Members were also concerned that although the requirement for two off-street parking spaces was being met, there was no parking provided for guests. The developer will be dedicating land to the improvement and widening of North Vernon Street which is to become one-way upon the completion of the development. Hence, there would be some parking available on the street. However, because of the townhouse development on the east side of Vernon, existing street spaces are heavily used. At our November 30, 1994 Membership meeting, we have invited representatives of the Harmon Company to present their proposed project and answer any of our members questions.

This project will be reviewed again by the Site Plan Review Subcommittee on Tuesday, November 29, 1994. The Planning Commission will then consider the proposal at their December 19, 1994 meeting, and it will go to the County Board on January 7, 1995. All interested citizens are invited to attend and give their thoughts. If you have any questions or comments, please call either Tom Miller, Arlington County Planning, 358-3525, or Nancy Iacomini, Ballston NCAC Representative, 525-7125.

Latest On Stuart Park

Recently, the owners of the Stuart Park site (the vacant block bounded by Fairfax Drive, Wilson Boulevard, N. Stuart and N. Taylor Streets) announced two interim uses for the yet-undeveloped land. The owners plan to put a public parking lot on a portion of the site and lease another portion to the nursery, Morning Glory Farm (currently located on Lee Highway in Cherrydale). The Wilson Boulevard side of the lot will continue to be used to accommodate construction vehicles for the neighboring NRECA (National Rural Electric Cooperatives Association) building site. None of these uses require a site plan amendment, and administrative approval by the County is expected soon. The long-range plans for the site remain unchanged -- two buildings to be located on the Wilson Boulevard and Fairfax Drive frontages respectively, with a public park in the middle of the block at 9th Street North.

Update On Quincy Street Concept Plan

The N. Quincy Street extension lies immediately to the south of our Association boundary. Our neighborhood will be heavily impacted by what occurs along either side of the extension as N. Quincy Street is the east/west centerline of our neighborhood area. The Executive Committee met and heard a presentation of the staff's proposed N. Quincy Street Concept Plan at our September 1994 meeting. The staff made a presentation of the proposed Concept Plan at our October 1994 Membership meeting. We followed up that presentation with a written survey of our 238 dues paid members.

We received 70 responses to our written Membership survey. Of our responding members, 62% oppose the proposed plan. The most often stated reason for opposition to the proposed plan was the potential for an overall increase in density and heights in the area between the west side of the N. Quincy Street extension and the east side of NH. Randolph Street, and the spill over impacts that will be felt in our neighborhood. Our members expressed support for the view that the tallest buildings, in the area covered by the Concept Plan, should front on the east and west side of the N. Quincy Street extension. Extending potential building heights to 12 stories along the east side of N. Randolph Street is not supported as the structures immediately across, on the west side, of N. Randolph Street are three and four stories tall.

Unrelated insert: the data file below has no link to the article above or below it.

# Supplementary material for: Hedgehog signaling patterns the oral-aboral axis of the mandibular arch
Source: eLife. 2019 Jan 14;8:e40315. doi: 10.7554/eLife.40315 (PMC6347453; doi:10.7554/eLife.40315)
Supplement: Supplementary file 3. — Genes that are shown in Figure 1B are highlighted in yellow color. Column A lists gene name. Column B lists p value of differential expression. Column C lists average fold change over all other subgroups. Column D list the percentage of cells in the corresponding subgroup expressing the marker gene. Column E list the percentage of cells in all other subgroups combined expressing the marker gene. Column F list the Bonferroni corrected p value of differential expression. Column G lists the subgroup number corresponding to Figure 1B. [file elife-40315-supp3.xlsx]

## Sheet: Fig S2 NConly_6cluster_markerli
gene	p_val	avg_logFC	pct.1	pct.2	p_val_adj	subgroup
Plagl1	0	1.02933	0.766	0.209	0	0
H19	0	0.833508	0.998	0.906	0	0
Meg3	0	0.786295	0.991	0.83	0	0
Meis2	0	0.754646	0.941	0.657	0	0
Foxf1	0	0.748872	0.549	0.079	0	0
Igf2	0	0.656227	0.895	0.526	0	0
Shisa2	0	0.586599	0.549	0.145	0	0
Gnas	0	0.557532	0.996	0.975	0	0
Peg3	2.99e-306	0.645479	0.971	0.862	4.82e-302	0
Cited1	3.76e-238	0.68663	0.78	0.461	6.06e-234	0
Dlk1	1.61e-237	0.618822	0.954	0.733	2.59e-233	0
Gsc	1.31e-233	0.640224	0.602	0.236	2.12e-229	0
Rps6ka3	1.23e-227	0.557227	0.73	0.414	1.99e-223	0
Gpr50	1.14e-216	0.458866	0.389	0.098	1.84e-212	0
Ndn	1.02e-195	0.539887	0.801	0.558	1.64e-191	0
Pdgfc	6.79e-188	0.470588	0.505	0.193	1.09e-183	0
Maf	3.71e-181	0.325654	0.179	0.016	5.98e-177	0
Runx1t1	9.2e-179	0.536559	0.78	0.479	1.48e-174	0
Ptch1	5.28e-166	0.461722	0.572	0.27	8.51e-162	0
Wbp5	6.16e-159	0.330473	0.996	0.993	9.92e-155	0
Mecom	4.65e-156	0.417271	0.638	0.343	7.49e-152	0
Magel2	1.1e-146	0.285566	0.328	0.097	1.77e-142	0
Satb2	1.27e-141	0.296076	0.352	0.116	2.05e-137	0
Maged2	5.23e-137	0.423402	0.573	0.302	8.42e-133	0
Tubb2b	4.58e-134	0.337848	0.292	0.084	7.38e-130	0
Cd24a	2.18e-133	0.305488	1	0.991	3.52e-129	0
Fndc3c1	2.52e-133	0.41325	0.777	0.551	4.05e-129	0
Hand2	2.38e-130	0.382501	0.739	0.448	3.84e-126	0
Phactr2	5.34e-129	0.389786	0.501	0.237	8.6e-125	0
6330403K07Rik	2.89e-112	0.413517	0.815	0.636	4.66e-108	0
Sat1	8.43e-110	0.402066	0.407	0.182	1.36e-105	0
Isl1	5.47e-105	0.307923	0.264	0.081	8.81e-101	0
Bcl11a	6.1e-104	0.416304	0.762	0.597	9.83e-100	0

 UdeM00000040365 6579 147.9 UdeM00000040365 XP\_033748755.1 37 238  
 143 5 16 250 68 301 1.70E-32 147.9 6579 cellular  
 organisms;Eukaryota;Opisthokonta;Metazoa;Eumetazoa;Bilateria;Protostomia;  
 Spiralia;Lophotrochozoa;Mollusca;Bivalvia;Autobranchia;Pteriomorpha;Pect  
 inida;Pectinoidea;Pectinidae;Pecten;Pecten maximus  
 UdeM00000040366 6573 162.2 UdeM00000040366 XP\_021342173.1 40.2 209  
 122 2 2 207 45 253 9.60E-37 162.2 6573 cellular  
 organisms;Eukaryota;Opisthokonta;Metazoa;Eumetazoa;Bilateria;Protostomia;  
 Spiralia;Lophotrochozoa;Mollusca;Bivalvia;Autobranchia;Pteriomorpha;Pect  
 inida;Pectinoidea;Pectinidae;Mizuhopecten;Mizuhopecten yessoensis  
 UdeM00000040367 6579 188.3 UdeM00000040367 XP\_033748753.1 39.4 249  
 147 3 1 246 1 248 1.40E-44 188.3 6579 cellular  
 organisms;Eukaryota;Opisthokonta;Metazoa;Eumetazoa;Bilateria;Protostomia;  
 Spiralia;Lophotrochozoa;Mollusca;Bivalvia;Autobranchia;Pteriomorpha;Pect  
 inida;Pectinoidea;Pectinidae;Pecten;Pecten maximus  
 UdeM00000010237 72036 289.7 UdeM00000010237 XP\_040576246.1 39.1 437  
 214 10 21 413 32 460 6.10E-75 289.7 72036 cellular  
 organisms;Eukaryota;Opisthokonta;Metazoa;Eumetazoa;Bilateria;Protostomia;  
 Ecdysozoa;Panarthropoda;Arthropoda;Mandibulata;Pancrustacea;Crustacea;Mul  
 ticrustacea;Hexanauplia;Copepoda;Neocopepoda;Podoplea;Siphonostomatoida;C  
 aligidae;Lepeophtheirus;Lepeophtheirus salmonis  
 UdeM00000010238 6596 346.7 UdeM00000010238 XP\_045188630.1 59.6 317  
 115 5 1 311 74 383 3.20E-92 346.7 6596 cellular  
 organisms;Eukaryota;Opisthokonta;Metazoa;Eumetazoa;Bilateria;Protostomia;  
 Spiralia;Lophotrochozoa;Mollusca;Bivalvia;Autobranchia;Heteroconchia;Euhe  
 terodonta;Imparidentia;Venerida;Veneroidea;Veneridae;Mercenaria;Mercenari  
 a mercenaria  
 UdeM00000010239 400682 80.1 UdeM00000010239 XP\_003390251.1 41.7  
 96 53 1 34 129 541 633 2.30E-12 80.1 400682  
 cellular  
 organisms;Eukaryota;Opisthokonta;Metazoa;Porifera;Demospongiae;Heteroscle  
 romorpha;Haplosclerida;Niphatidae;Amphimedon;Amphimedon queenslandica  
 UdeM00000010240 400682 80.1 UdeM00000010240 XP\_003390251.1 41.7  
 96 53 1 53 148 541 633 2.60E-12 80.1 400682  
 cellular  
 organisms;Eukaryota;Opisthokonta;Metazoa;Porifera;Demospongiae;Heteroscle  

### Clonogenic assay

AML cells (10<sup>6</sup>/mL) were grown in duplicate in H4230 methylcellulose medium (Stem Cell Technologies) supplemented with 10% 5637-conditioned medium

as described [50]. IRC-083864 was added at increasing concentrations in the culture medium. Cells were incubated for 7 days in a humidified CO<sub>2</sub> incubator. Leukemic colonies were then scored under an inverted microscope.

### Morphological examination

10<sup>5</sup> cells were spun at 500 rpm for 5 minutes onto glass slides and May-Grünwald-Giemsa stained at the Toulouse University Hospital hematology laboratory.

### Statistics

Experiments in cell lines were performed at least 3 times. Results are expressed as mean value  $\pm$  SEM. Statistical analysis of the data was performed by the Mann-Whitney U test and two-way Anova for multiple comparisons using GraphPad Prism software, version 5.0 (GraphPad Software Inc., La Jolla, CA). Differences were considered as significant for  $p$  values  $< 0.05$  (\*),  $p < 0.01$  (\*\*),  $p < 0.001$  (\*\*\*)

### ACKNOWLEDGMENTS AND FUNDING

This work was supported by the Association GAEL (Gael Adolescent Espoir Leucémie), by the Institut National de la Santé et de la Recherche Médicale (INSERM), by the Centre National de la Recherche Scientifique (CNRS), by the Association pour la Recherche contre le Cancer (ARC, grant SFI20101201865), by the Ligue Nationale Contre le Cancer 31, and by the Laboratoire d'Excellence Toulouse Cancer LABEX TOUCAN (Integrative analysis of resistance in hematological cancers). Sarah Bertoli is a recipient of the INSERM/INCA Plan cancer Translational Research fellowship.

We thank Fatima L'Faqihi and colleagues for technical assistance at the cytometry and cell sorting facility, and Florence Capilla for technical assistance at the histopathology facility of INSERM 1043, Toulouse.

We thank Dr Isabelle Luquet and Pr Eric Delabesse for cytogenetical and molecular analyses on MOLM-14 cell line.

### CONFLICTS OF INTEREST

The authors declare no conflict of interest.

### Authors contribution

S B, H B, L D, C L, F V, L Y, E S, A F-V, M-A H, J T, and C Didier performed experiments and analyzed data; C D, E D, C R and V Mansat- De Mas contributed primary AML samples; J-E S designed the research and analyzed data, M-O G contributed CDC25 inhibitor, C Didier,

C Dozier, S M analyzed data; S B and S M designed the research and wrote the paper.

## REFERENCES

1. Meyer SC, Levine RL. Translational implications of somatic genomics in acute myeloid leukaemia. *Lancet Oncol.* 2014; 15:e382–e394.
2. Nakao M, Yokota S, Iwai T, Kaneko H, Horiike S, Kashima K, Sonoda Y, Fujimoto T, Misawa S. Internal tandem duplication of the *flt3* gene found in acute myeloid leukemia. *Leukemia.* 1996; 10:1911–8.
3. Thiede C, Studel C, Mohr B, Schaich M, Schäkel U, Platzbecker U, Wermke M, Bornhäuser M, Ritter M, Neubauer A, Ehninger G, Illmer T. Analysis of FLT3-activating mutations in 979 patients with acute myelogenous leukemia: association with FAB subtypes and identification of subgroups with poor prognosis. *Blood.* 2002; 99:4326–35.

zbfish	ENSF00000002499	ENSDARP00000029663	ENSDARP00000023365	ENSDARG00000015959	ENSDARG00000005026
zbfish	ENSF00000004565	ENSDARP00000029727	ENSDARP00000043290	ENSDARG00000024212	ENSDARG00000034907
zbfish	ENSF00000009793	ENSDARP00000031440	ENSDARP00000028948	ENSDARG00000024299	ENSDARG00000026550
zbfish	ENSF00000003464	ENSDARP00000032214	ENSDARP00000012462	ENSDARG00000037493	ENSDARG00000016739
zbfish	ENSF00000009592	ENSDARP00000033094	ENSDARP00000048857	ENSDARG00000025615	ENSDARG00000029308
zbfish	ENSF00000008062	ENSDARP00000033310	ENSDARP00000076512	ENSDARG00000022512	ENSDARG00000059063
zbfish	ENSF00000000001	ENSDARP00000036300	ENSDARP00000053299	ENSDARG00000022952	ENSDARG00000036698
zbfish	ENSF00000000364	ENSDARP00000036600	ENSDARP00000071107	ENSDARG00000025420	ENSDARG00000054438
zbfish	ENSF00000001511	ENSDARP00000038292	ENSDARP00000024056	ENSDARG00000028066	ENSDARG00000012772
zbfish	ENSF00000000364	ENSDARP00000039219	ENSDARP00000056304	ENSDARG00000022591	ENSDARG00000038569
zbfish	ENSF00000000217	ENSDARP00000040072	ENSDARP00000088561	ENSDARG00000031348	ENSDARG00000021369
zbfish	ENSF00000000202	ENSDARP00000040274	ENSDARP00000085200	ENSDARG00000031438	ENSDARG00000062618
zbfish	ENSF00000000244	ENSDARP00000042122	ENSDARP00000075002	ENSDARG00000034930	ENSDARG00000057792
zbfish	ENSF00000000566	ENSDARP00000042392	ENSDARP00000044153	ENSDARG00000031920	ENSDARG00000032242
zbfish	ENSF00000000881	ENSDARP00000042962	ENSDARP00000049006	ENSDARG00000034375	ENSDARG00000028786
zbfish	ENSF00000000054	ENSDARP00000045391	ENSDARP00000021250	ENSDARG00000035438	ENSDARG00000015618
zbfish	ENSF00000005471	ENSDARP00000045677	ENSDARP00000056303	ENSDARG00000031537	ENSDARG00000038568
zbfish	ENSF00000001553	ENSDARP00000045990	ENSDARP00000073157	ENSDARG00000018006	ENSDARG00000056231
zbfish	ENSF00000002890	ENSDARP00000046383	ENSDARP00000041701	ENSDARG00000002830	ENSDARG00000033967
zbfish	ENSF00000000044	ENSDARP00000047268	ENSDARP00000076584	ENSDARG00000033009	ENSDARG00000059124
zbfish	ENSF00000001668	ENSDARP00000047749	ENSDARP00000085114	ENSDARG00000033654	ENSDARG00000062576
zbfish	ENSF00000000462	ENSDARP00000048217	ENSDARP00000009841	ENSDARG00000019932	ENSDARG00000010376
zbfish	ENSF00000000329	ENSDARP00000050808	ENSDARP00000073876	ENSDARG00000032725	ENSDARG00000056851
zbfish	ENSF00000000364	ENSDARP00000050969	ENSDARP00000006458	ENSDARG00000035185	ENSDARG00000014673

Consistent with and extrapolated from the Membership comments, the following two detailed points are expressed by the Executive Committee. First, with respect to the "Note 14. Development of this area shall be consistent with the North Quincy Street Concept Plan approved by the County Board on December 10, 1994," which is stated in the staff's November 17, 1994 draft report on this matter, the Executive Committee believes this to be a mistake and the source for future controversy between the County and the development community and other land owners. The reason is simply that zoning sets development rights and property owners believe that that is the legal authority that they need to look to, not a "Concept Plan." While there have been a proliferation of so called "Concept" plans over the recent planning time frame, it has always been our Civic Association's view that the concept planning for the two Metro station areas within our neighborhood were to be properly reflected in the Ballston Sector Plan, and in the Virginia Square Sector Plan. Thus, there is no need for this proposed Concept Plan. Should there be a genuine need for these proposals, the Executive Committee believes the proper process is to follow the procedures for amendment to the two Sector Plans, not to graft onto them in this ad hoc and confusing manner.